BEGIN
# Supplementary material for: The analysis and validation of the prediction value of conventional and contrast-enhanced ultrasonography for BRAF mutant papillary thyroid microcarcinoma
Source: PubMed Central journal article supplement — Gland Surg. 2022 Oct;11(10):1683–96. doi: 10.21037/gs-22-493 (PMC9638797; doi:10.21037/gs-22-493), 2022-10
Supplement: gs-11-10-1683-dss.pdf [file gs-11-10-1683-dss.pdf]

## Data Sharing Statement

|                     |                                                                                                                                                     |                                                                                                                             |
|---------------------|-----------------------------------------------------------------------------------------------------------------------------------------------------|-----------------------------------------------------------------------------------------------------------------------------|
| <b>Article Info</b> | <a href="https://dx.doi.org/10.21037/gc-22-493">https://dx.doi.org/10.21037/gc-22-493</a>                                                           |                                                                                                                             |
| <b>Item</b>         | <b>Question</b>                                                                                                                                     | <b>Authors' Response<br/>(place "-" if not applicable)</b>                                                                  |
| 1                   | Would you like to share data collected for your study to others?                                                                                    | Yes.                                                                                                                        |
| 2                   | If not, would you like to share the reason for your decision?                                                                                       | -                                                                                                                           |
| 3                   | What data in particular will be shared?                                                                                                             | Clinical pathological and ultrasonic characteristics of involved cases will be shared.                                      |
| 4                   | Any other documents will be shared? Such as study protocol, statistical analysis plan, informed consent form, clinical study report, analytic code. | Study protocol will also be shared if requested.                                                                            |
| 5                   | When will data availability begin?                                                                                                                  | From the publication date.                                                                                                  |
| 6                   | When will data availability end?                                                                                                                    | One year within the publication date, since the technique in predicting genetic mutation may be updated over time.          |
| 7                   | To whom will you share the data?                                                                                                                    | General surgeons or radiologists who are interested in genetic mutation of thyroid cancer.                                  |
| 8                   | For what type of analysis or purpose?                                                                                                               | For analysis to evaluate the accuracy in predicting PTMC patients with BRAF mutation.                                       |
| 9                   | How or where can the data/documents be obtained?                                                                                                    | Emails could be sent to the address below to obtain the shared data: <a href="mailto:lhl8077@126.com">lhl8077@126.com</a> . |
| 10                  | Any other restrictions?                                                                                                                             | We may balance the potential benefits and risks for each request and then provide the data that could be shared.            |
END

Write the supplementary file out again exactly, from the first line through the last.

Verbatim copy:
# Supplementary material for: The analysis and validation of the prediction value of conventional and contrast-enhanced ultrasonography for BRAF mutant papillary thyroid microcarcinoma
Source: PubMed Central journal article supplement — Gland Surg. 2022 Oct;11(10):1683–96. doi: 10.21037/gs-22-493 (PMC9638797; doi:10.21037/gs-22-493), 2022-10
Supplement: gs-11-10-1683-dss.pdf [file gs-11-10-1683-dss.pdf]

## Data Sharing Statement

|                     |                                                                                                                                                     |                                                                                                                             |
|---------------------|-----------------------------------------------------------------------------------------------------------------------------------------------------|-----------------------------------------------------------------------------------------------------------------------------|
| <b>Article Info</b> | <a href="https://dx.doi.org/10.21037/gc-22-493">https://dx.doi.org/10.21037/gc-22-493</a>                                                           |                                                                                                                             |
| <b>Item</b>         | <b>Question</b>                                                                                                                                     | <b>Authors' Response<br/>(place "-" if not applicable)</b>                                                                  |
| 1                   | Would you like to share data collected for your study to others?                                                                                    | Yes.                                                                                                                        |
| 2                   | If not, would you like to share the reason for your decision?                                                                                       | -                                                                                                                           |
| 3                   | What data in particular will be shared?                                                                                                             | Clinical pathological and ultrasonic characteristics of involved cases will be shared.                                      |
| 4                   | Any other documents will be shared? Such as study protocol, statistical analysis plan, informed consent form, clinical study report, analytic code. | Study protocol will also be shared if requested.                                                                            |
| 5                   | When will data availability begin?                                                                                                                  | From the publication date.                                                                                                  |
| 6                   | When will data availability end?                                                                                                                    | One year within the publication date, since the technique in predicting genetic mutation may be updated over time.          |
| 7                   | To whom will you share the data?                                                                                                                    | General surgeons or radiologists who are interested in genetic mutation of thyroid cancer.                                  |
| 8                   | For what type of analysis or purpose?                                                                                                               | For analysis to evaluate the accuracy in predicting PTMC patients with BRAF mutation.                                       |
| 9                   | How or where can the data/documents be obtained?                                                                                                    | Emails could be sent to the address below to obtain the shared data: <a href="mailto:lhl8077@126.com">lhl8077@126.com</a> . |
| 10                  | Any other restrictions?                                                                                                                             | We may balance the potential benefits and risks for each request and then provide the data that could be shared.            |